Following the Railroad
In your normal life as you know it now, following the railroad tracks can often be dangerous for a number of different reasons. However, just like the roads that we do travel every day, railroad tracks crisscross the nation. Yet, most homeowners don’t want to look at them or hear the trains going by, leading to the tracks often being buffered off by trees. This seclusion from prying eyes actually makes them perfect for travel during a post-disaster situation.
As depicted by a number of different books and movies on the subject, after the thin veneer of civil society is shattered, the main roads will become swollen with roadblocks. Not only will these impede your escape plan from dangerous cities, but they are a great place for looters to gather in order to take everything from you and your family, including your lives. Making it more apparent to travel with a group in such a scenario instead of wandering the tracks, all alone. However, no matter how dangerous they can be, there are a number of compelling reasons to travel the railroad tracks during a disaster.
The Benefits of Railroad Travel
- Obscured by trees and other structures, the railroad is often hidden from prying eyes and any sound you make is buffered. Many who live around railroad tracks often forget they are there, making them the path much less travelled.
- By having a buffer of trees on either side of the railroad tracks makes for an excellent opportunity to quickly dip in and out of cover if you need to remain unseen. However, the trees can also conceal dangers as well.
- Just as few people remember where the railroad tracks are, even less know where the railroad tracks go. Having at least a rough idea of where the tracks nearest to you end up can make all the difference.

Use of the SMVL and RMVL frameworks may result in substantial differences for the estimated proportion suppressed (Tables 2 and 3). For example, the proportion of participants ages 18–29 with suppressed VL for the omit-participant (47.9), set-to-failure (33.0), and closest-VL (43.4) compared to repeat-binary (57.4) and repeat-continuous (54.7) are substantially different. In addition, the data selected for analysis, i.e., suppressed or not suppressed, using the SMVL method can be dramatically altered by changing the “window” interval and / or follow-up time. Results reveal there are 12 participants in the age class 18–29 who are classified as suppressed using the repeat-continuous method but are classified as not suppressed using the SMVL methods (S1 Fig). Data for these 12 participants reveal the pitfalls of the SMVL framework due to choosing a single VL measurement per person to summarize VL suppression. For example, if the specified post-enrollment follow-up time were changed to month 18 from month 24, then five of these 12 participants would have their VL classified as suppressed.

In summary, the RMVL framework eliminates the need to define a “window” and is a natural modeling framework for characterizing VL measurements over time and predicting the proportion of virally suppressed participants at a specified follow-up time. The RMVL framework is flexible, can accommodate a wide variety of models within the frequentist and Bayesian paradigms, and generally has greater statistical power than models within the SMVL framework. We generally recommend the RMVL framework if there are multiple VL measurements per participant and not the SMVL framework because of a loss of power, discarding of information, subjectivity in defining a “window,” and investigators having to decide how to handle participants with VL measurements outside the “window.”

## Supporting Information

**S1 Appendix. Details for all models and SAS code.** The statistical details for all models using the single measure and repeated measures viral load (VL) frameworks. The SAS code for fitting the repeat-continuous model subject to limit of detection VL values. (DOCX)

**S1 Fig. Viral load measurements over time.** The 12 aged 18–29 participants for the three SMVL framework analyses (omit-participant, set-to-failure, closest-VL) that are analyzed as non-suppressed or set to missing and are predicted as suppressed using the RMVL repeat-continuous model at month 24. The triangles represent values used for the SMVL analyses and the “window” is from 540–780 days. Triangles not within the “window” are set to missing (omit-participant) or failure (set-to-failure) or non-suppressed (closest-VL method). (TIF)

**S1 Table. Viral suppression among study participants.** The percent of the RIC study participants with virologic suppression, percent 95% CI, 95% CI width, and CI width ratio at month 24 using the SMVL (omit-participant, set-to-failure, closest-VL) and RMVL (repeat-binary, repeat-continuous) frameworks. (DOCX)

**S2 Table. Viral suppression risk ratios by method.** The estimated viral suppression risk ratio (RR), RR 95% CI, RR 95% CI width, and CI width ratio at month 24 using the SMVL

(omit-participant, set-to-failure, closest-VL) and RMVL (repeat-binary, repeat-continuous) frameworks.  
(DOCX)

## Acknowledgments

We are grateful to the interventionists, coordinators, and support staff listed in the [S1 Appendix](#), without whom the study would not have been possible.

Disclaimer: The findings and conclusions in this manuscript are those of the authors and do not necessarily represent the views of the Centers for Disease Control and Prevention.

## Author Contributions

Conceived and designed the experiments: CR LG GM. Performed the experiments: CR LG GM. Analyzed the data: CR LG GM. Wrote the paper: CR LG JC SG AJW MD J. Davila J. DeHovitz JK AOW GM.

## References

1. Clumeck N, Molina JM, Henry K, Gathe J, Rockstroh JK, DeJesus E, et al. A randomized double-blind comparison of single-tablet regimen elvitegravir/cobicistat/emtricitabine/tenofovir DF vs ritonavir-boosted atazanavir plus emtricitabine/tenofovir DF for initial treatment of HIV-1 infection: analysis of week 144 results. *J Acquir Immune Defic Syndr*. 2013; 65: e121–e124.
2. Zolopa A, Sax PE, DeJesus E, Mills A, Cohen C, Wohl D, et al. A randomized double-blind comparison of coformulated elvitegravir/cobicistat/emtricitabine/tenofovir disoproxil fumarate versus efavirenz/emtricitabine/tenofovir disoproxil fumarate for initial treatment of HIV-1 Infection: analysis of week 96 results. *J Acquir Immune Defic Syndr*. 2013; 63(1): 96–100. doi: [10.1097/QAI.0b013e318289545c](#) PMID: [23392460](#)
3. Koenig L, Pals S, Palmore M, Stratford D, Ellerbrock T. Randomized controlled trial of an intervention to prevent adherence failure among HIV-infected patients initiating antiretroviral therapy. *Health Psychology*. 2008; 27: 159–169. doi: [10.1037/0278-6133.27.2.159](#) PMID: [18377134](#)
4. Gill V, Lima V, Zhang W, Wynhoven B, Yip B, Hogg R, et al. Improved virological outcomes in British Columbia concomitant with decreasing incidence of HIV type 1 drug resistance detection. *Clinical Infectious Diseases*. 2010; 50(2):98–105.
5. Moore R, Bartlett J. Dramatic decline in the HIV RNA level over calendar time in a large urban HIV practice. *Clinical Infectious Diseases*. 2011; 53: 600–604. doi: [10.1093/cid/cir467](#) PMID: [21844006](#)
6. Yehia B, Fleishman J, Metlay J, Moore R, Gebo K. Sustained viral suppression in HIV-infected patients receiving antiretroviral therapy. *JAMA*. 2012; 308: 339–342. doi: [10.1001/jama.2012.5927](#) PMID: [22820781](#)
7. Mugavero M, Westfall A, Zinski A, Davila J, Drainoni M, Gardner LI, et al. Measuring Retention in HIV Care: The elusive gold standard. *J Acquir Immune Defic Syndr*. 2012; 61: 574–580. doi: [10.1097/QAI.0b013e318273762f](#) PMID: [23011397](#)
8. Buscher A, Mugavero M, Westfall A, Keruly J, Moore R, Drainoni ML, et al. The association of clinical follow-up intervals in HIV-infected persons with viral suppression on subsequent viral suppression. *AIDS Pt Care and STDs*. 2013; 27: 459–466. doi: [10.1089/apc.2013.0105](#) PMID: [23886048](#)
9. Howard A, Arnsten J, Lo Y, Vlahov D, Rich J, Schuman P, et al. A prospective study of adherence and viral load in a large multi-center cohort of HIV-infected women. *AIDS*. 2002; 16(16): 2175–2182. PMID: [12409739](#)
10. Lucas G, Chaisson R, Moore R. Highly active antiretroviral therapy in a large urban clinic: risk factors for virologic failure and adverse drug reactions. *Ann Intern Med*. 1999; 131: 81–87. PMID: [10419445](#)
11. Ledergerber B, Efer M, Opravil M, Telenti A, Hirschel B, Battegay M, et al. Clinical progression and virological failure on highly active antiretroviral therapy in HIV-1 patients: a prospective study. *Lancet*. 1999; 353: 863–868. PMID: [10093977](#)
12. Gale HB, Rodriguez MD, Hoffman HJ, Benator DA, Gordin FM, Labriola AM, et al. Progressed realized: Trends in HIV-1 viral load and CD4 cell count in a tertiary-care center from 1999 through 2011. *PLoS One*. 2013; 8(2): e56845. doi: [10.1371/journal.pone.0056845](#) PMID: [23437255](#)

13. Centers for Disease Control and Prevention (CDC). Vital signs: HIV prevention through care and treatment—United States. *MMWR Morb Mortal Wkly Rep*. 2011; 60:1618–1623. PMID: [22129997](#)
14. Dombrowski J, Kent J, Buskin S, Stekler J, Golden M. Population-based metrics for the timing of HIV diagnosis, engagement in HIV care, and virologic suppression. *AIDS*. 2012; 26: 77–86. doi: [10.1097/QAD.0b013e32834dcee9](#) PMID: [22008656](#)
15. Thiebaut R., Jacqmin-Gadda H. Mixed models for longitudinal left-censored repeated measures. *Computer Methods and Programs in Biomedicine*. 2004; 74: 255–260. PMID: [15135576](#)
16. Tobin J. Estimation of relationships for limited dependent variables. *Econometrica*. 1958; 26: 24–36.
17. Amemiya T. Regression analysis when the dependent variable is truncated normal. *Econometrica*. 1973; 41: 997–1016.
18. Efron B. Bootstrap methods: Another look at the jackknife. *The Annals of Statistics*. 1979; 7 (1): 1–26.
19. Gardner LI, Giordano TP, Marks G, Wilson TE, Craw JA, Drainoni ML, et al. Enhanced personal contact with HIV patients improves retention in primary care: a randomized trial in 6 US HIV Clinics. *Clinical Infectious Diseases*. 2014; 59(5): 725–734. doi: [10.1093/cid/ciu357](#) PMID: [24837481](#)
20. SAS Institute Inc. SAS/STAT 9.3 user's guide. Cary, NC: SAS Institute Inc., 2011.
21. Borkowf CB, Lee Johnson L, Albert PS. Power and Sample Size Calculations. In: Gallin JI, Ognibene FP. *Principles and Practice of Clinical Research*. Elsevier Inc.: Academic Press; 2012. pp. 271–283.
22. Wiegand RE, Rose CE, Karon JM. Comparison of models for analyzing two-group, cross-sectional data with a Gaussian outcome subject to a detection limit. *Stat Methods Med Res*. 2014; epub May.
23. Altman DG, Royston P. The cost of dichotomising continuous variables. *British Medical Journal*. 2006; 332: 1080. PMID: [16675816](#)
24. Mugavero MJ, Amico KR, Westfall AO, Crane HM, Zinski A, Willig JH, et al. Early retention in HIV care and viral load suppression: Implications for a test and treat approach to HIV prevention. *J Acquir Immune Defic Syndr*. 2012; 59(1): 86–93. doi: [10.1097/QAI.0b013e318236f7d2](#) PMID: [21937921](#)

- Depending on the severity of the situation, the railroad may or may not be functioning. If the trains are no longer running, this significantly cuts the dangers of travelling the railroad.
- Due to the uneven terrain, it may seem slower to travel the railroad, but in cities that serve as big railway crossroads, the tracks are typically well maintained. However, tools like rail bikes (bikes designed to run smoothly on railroad tracks) can make travel even faster than roads in a post-disaster scenario.
The Dangers of Railroad Travel
- Just like in normal times, the railroad tracks are an excellent place for a debilitating injury. Poorly maintained tracks are often responsible for broken or sprained ankles and falling on the tracks can easily knock someone unconscious. When travelling alone while the trains are still running, those who get knocked unconscious on the tracks might not wake up again.
- When the trains are still running, don’t always count on hearing them coming. Locomotives do not always pull cargo around; they are also used to push train cars around. With a train engine being nearly a mile behind its cargo, you will quickly learn how quietly train cars can sneak up on you without engine noise to warn you ahead of time.
- They may not look it, but train tracks can be as sharp as a scalpel. The top of the rail on the inside often forms thin strips of metal worn down by trains referred to as the flash. While easy to miss, they can be dreadfully sharp to any ankle skin that comes in contact with them.
- One of the biggest dangers of the railroad during a disaster or any other time is the people you can meet there. While not all people are the same, typically the kind of people you meet hanging around the railroad tracks are not typically the type of people you want to spend time with. They may happen to be the type of people who may beat and rob you.